To celebrate the release of Man of Steel this month, the Flickering Myth writing team are looking back over Superman’s previous screen adventures; next up is Simon Columb with a review of 1980’s Superman II….
Watching Superman Returns, you imagine that Marlon Brando is integral to the original four films. In reality, the original theatrical cut of Superman II, he was ignored to save money. This type of strange decision was only one issue that plagued the production of Superman II. To utilise the previously shot Richard Donner footage, sequences were filmed years apart; Gene Hackman refused to re-film scenes forcing director Richard Lester to use a stand-in – and watching the film back-to-back with Superman means that you notice, in one instance, the exact same establishing shot outside The Daily Planet. With all these serious faults, it is surprising that the film manages to raise a few interesting points with a plot involving General Zod (Terence Stamp) landing on Earth to cause havoc…
An extended opening credits sequence shows the entirety of Superman in small, bite-size clips. Merely a contextual issue, it is worth reminding yourself that audiences had not seen the film since 1978 – something completely different to this “cinema-to-DVD within six months” world we live in now. But, harking back to the previous film, and then ignoring the top-billed actor (Marlon Brando) is never going to go unnoticed.
In a strange shoe-horned scene, we move to Paris to set up a convoluted story whereby terrorists (amongst them a young Richard Griffiths) threaten to set off a nuclear bomb from the Eiffel Tower – and Lois Lane simply “happens” to be covering the story. This nuclear bomb, when thrown into space, is the catalyst that sets free Ursa, Non and General Zod from the sheet of glass they were trapped inside at the beginning of Superman. Despite a four-star review from Roger Ebert, Superman II seems equally bogged down with the problem of Superman. It’s a brilliant concept forcing Superman to lose his powers – something his mother tells him is “irreversible” – but it is reversible and Superman manages to save the day simply enough.
As noted earlier, all of Gene Hackman’s scenes were products of Richard Donner’s original footage from the aborted back-to-back creation of both films – and even Gene Hackman remains top-billed despite his lack of participation under Lester’s direction. The story is clearly about Superman defeating the three escapees Ursa, Non and Zod; Lex Luthor is merely a side-kick or, dare I say it, henchman to the three villains. This is the top-billed actor – playing a henchman!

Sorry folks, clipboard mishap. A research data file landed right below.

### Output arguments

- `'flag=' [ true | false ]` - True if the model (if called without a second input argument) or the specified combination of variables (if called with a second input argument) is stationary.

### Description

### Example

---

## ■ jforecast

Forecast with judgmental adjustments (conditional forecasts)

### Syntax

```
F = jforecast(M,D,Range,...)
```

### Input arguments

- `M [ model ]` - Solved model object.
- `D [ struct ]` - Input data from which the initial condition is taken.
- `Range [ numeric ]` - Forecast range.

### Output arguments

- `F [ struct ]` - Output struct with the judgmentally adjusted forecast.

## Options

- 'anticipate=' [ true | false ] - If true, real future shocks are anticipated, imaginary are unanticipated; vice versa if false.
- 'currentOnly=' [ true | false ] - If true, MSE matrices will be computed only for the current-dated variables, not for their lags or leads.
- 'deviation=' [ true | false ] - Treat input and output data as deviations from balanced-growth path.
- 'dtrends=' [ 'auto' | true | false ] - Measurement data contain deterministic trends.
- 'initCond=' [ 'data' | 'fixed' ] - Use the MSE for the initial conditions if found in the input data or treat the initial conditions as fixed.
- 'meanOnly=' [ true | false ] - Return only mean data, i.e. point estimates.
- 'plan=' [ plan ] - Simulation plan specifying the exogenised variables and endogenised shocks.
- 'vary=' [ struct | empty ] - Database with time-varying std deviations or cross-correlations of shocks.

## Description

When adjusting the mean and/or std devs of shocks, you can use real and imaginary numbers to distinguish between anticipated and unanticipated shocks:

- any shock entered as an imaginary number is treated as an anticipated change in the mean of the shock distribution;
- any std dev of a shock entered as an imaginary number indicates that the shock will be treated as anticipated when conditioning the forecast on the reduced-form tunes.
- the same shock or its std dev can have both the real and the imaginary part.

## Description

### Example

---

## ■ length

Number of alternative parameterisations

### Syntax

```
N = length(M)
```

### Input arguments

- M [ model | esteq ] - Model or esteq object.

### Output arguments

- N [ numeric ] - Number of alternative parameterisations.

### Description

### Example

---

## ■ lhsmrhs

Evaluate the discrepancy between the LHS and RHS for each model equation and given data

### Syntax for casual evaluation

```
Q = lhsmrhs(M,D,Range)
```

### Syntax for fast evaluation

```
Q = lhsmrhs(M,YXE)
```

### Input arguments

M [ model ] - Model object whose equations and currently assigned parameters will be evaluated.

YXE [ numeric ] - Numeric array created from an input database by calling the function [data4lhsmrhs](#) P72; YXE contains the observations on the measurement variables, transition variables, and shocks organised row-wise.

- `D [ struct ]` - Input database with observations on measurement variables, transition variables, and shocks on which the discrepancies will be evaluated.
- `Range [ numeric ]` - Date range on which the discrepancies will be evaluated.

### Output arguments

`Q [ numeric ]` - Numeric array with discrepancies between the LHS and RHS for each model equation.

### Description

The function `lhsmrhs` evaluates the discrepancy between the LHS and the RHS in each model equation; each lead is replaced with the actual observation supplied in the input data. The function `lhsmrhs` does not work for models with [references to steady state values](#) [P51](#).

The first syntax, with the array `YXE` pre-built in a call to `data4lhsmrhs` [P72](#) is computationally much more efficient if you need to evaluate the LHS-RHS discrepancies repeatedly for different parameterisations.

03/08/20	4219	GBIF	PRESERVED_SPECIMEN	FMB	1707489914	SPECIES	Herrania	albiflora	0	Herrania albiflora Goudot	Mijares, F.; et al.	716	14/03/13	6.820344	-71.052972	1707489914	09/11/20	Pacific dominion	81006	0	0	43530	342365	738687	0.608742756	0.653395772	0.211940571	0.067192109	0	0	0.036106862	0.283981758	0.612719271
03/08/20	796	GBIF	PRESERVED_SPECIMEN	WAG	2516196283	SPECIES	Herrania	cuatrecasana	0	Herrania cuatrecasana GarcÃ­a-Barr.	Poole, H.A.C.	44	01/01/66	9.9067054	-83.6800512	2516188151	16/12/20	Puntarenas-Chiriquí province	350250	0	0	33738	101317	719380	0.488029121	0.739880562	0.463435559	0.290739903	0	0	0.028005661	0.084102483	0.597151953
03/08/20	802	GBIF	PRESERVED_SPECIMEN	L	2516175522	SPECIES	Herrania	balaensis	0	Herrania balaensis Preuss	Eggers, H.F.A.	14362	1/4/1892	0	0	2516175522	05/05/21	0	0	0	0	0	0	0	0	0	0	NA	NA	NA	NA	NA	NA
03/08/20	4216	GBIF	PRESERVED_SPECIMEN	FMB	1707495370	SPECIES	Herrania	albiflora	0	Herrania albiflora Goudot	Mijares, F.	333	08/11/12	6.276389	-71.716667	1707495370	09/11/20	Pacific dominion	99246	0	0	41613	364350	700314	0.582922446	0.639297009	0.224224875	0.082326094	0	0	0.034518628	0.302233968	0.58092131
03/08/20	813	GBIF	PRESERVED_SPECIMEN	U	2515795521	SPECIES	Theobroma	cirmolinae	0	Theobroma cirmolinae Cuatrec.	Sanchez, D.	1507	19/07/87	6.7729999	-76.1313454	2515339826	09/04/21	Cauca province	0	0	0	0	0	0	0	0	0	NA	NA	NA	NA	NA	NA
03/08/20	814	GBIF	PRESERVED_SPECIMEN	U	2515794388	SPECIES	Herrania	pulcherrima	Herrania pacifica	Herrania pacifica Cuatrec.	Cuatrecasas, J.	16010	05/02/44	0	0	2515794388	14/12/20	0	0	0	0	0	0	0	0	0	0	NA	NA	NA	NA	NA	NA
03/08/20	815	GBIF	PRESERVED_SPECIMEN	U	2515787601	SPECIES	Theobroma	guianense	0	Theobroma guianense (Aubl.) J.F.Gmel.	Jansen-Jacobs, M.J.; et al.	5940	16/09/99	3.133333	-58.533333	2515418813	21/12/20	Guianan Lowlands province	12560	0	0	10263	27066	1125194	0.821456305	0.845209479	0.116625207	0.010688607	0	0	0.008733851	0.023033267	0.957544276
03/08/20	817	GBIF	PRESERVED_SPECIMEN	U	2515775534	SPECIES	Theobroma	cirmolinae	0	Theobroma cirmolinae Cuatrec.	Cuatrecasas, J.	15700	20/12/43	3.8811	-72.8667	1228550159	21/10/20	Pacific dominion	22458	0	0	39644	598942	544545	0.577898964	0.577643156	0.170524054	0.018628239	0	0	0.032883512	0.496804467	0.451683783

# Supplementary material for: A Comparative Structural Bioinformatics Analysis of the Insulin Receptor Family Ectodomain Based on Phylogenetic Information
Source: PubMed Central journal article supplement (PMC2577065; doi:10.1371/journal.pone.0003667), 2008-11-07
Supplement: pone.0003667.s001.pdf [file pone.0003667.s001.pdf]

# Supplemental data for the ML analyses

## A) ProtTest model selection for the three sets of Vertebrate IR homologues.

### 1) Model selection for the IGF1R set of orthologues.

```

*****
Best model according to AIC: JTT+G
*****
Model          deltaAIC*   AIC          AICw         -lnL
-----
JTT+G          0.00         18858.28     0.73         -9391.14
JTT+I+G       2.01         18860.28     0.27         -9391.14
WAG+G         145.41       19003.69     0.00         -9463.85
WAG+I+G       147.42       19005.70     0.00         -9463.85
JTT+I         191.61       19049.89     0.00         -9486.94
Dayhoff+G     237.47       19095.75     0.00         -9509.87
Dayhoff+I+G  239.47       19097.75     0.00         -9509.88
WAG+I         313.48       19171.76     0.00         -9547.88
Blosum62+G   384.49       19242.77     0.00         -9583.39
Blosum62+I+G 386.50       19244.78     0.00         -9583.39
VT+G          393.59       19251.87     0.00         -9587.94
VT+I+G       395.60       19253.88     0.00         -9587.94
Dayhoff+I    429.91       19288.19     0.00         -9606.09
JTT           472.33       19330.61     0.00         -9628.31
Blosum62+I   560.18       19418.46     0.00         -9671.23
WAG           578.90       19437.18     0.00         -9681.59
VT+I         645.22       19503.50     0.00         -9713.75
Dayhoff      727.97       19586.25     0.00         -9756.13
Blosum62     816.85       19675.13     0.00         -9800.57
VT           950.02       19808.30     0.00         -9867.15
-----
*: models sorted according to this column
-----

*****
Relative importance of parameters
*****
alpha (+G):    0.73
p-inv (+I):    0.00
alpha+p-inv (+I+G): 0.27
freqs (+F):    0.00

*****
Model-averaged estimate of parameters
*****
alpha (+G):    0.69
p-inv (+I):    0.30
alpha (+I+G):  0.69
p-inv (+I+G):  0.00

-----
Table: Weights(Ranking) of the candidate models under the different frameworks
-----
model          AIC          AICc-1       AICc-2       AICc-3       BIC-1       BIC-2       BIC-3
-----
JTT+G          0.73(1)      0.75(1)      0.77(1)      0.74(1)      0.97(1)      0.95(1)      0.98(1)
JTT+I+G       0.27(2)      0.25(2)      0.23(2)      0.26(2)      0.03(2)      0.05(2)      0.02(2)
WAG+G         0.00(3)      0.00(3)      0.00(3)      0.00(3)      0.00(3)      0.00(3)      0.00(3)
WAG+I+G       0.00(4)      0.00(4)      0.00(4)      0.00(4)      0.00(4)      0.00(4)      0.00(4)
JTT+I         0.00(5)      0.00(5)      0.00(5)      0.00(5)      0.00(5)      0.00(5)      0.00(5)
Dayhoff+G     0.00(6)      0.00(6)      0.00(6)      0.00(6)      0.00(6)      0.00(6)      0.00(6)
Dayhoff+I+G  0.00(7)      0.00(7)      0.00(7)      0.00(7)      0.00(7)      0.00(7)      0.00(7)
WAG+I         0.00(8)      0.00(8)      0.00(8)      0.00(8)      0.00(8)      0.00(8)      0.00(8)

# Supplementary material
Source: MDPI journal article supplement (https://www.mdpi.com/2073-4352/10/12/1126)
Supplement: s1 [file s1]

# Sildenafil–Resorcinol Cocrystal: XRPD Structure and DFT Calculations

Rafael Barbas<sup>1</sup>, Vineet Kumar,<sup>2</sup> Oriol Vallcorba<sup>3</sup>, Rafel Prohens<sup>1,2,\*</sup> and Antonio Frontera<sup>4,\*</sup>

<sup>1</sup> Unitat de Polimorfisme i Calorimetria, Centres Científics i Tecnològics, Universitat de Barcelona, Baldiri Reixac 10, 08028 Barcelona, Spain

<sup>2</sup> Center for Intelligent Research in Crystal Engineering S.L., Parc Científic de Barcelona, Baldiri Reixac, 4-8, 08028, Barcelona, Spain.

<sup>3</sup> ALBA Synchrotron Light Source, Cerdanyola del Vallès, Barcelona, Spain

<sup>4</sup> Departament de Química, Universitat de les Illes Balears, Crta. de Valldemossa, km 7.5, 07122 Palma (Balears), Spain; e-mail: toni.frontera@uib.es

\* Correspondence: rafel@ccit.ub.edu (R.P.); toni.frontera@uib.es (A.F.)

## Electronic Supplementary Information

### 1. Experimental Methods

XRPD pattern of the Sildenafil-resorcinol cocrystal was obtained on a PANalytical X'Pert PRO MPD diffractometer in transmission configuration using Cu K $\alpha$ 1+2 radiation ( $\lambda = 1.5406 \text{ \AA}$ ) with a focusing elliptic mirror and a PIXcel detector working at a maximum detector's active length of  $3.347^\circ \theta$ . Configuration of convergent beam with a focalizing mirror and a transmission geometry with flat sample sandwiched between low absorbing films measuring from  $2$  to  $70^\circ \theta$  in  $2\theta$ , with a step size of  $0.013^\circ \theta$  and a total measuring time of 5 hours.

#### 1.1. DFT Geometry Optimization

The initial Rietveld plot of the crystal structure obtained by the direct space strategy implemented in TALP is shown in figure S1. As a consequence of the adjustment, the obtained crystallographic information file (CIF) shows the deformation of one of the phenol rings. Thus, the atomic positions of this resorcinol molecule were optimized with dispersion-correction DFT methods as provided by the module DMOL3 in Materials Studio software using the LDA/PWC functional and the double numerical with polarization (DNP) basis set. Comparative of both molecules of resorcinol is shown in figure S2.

Or maybe Terence Stamp manages to out-act Gene Hackman? The ‘campy’ attributes of Lex and his sidekicks often jarred and portrayed Luthor in a manner that undermined his intelligence. He seemed to tell us how clever he was, but in comparison to General Zod, he is only someone simply after a quick-buck. (Maybe that is the point – Superman representing the decent American against Lex Luthor representing the corporate money-obsessed American)
In contrast, General Zod has the presence and power to demand others to “Kneel before Zod” and, shockingly, we witness the President of the US kneel down before him. Considering Bryan Singer would go on to direct Superman Returns, the break-in at the White House in Superman II must be a source of reference when writing and filming X2. General Zod appears as the true threat to America – the power-obsessed dictator rather than Lex Luthor’s corrupt capitalist.
This is a flawed sequel. Akin to Superman: The Movie, Christopher Reeve remains the driving force towards anything credible. General Zod seems to be awkwardly shoe-horned into a plot whereby Superman fights his own demons and desires to be human (but this theme is not weaved into the various other strands in the story) – all themes that were part of a different story set-up by Richard Donner.
We have come a long way since 1980 and it is clear that Superman II was only beginning to understand what audiences expect from a tent-pole comic book film. Moments, as Superman loses his powers, are brutal and heart-breaking but these are undermined as he quickly regains the powers he lost. I adore the characters and thoroughly appreciate the intentions but it is a mixed bag and therefore difficult to truly enjoy. As a comic book film, the genre is in its infancy – and the flawed production, again, destroys any chance of fluidity in the narrative. And then, afterwards, he plants the Super-Kiss whereby he can erase Lois’ memory completely. So, after all that, it seems that the new dynamics and ground-breaking ideas are completely erased too and we are sent back to where we were at the beginning of the film. You have to question whether it was worth watching at all.